For most of my thirties, I didn't have to work. My husband's position as a video game programmer paid our bills and I was fortunate to have the time to do anything I wanted. During that period, I engaged in various craft-type pursuits--most notably, jewelry making. I flirted with making a career of it, but I just didn't have the business gene required to really make a go of it.
|18k gold and tourmaline ring by Holly West, 2008|
Truth be told, I was just biding time until I finally decided I was going to get serious about writing fiction.
But besides making jewelry, there was one hobby I had during this time that helped to launch me toward writing. Inspired by an older friend who'd completed a genealogy of his own family, I undertook a year-long research project, during which I wrote detailed genealogies of each side of my family.
I wasn't interested in seeing how many generations I could go back. It didn't matter if I was descended from Julius Ceasar--that sort of thing seemed irrelevant to my own life. My aim was to go back just a hundred years or so and learn my ancestors' stories. Why did my great-great grandparents leave Germany to come to America? What did my great-great-great grandpa do to support his family? Where did they live? Indeed, how did they live?
As it turned out, it was like hunting for buried treasure or solving a mystery. I discovered clues by scouring census reports, ship manifests, military (and even prison) records, and asking questions of my relatives who were still living.
|Portion of the 1920 census that includes my great-great grandmother, Mary Ann Rebecca Baker Mansir Yorba.|
1) During the depression, my grandpa on my mother's side, the oldest of eight children, drove everyone from Oklahoma to California in an old station wagon with a mattress tied to the top of the car. He got pulled over for speeding on the way.
2) My great-uncle, Jeff Daniel Horn, was left to raise four young children when his wife died unexpectedly. Shortly afterward, he brought the children to my great-grandmother to babysit. That very same night, he was hit by a car and killed, leaving my great-grandmother to raise the kids alongside her own. My guess is that he committed suicide that night, but we'll never really know, will we?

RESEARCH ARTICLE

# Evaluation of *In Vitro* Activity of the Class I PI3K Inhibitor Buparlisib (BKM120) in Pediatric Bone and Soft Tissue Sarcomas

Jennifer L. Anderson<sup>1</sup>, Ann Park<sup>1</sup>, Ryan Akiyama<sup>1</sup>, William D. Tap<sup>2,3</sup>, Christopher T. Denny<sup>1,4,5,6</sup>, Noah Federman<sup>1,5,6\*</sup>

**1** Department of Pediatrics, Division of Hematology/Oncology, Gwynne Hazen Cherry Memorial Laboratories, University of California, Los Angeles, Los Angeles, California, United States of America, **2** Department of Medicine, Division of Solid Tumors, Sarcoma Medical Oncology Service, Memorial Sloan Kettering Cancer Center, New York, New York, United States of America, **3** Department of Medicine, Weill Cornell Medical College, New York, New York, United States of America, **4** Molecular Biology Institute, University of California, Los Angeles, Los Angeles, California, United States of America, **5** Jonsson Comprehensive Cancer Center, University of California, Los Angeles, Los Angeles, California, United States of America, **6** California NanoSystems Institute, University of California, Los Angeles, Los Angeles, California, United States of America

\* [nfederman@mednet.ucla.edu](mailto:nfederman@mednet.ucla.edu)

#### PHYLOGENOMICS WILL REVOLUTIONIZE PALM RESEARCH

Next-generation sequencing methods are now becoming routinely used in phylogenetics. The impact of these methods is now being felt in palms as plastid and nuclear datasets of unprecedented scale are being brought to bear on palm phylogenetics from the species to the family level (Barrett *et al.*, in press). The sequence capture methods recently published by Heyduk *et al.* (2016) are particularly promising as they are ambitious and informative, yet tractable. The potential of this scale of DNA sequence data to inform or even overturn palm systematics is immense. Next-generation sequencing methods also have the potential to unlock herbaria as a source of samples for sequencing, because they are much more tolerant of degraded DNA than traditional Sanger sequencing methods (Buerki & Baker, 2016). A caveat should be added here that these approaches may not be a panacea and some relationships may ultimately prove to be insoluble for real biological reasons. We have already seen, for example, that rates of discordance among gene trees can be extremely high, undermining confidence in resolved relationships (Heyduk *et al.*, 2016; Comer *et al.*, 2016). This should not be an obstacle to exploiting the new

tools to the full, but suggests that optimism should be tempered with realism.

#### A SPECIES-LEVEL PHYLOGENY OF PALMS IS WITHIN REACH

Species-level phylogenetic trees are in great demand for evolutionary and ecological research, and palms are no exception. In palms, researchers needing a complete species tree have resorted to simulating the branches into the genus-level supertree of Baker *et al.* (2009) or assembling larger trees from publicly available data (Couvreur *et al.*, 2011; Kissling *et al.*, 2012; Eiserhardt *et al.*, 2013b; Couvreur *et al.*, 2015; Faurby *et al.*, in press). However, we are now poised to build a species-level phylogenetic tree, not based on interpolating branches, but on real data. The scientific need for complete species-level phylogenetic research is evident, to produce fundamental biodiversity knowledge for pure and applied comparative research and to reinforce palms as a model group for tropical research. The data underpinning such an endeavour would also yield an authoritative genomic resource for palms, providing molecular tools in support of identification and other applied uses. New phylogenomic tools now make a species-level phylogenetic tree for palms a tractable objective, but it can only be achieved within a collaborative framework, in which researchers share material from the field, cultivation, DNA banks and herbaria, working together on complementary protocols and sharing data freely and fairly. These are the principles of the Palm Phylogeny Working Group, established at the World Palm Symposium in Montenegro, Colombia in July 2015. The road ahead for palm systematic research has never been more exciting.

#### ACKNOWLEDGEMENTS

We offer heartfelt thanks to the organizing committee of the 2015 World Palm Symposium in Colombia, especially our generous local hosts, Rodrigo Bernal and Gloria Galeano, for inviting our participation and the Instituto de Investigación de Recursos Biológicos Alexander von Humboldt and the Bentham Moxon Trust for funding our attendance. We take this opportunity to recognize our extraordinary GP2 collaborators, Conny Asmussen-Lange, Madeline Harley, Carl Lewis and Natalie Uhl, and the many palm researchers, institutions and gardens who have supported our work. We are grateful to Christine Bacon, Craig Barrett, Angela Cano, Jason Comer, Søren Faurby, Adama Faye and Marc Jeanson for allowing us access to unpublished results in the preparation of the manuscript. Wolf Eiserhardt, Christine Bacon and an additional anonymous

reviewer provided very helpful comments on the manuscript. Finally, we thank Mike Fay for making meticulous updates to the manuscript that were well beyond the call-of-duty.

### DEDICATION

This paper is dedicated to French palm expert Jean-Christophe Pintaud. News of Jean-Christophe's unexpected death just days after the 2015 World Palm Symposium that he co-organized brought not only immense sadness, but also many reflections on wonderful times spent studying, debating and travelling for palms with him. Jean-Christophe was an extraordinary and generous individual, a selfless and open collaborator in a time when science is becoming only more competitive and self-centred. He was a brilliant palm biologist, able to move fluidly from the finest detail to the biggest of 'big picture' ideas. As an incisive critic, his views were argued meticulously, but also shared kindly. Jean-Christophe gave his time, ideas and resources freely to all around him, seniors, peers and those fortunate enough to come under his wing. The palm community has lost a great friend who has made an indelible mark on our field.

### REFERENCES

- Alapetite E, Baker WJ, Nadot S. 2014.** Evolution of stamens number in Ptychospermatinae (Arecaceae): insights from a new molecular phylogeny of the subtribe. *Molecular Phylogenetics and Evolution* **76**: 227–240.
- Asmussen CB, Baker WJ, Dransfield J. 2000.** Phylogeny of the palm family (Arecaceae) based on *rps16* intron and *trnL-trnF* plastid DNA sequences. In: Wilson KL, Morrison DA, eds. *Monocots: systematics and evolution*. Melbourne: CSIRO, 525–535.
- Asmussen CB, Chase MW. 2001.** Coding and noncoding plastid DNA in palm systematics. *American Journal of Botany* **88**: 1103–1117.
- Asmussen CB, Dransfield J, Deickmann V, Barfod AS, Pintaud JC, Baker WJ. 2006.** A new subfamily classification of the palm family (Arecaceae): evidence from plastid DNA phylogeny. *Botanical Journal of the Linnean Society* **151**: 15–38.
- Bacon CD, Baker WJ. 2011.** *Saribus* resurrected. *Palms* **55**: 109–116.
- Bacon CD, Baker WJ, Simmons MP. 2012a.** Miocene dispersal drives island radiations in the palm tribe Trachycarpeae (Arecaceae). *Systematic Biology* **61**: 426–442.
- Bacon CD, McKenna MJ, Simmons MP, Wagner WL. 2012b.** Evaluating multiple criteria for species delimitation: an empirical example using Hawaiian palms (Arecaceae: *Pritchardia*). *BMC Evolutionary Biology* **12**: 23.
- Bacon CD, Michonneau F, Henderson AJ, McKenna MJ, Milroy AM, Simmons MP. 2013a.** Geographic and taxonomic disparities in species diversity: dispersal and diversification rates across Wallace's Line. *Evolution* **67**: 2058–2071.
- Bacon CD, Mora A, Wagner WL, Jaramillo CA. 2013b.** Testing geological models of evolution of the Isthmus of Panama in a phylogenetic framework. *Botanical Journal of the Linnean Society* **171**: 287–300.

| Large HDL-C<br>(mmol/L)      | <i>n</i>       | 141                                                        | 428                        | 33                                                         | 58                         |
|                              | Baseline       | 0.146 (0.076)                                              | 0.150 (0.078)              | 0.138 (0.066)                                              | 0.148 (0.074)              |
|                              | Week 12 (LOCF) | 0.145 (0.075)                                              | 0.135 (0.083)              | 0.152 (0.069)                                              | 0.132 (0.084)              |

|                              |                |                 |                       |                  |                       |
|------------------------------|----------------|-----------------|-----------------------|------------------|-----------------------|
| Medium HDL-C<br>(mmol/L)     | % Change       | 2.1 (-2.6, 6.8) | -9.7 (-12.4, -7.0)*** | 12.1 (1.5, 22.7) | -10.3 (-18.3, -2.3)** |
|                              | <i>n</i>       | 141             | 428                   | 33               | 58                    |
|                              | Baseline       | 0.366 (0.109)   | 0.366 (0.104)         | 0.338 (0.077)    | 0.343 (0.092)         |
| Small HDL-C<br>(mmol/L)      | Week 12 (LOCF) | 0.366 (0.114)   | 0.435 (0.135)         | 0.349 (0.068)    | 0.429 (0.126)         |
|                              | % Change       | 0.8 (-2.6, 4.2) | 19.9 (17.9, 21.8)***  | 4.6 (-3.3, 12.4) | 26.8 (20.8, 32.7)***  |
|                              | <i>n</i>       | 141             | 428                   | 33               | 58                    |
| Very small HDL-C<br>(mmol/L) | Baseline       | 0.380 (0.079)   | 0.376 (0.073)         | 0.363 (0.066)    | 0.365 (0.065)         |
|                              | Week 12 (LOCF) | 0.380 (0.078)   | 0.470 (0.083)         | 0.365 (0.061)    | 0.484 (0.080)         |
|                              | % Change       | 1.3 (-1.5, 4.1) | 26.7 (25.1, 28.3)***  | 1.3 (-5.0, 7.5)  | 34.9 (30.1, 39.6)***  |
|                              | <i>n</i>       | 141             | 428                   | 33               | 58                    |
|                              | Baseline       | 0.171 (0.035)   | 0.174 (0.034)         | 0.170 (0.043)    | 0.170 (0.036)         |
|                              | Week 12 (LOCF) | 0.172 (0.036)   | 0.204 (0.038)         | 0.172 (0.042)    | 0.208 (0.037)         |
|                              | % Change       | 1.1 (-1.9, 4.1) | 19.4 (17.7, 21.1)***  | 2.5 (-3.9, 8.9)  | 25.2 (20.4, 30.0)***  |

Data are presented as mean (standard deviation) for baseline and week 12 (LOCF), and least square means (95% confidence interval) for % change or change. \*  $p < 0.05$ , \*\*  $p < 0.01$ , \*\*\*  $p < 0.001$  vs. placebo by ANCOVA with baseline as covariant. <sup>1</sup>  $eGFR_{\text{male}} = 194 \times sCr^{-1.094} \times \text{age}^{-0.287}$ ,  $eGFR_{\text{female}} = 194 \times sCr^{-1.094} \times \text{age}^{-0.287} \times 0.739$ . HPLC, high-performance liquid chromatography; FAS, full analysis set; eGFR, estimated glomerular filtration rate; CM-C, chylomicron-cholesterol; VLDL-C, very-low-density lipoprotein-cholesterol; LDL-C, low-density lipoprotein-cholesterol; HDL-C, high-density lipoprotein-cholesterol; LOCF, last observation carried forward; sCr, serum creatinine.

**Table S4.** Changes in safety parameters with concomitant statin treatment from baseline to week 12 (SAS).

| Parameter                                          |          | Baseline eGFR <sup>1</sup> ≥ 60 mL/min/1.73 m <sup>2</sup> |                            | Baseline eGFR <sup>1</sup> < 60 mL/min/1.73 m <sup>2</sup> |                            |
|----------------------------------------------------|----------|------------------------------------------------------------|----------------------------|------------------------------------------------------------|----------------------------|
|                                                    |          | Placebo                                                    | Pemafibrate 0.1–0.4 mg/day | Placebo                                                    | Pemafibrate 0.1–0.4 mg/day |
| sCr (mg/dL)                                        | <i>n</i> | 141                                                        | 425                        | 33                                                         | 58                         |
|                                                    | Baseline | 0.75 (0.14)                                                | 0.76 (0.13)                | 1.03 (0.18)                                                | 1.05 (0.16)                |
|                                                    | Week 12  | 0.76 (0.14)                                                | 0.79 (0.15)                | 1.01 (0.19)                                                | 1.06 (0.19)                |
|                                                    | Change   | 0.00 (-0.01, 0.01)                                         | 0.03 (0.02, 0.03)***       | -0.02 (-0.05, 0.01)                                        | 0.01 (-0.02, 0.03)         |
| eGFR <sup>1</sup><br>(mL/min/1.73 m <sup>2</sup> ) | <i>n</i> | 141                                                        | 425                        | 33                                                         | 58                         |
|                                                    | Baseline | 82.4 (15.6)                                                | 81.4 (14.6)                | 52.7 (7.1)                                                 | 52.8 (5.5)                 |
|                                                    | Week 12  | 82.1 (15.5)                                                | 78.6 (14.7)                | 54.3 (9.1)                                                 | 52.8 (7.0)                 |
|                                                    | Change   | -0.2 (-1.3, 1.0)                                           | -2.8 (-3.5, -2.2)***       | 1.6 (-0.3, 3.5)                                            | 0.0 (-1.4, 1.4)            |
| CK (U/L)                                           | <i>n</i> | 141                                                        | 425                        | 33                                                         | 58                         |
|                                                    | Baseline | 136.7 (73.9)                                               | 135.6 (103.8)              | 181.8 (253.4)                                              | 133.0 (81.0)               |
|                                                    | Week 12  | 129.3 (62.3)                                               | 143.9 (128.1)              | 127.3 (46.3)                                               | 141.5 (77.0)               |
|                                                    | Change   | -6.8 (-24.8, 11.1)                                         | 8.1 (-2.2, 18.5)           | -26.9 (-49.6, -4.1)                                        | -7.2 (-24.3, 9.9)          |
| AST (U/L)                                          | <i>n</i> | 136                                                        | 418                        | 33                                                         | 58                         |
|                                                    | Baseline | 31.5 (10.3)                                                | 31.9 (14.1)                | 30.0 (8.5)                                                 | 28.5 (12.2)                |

3) Using the 1910 census, I learned that my great-grandparents were employed by the same household before they were married. From this, I guessed that this must've been how they met. My great-grandmother died in 1918 of typhoid, when my grandmother was only five years old, and previously, no one knew this story.
4) My grandpa on my father's side was a bit of a scoundrel. As a youngster, he and his brothers would pull schemes like selling used motor oil as new, calling it "Midnight Oil" to their unsuspecting customers. My short story, ONCE A LOSER, is loosely based on his family. You can download a copy of it free by signing up for my newsletter.
5) When my great-grandpa on my father's side passed away, my uncle remembers going to the house where he'd lived and the relatives were storing beer in the ice under the bed that the body was laid out on.
Perhaps these tidbits are only interesting to me because they involve my own family. But what I learned from writing these genealogies, beyond the facts and figures, is that everyone has stories like these, and that they provide the sparks for larger stories. They are building blocks, if you will, or little details that give depth to our history and to our writing.
I'm curious: have you done any genealogical research? And referring to Kristi's Sunday post, what sorts of real-life stories do you use in your fiction?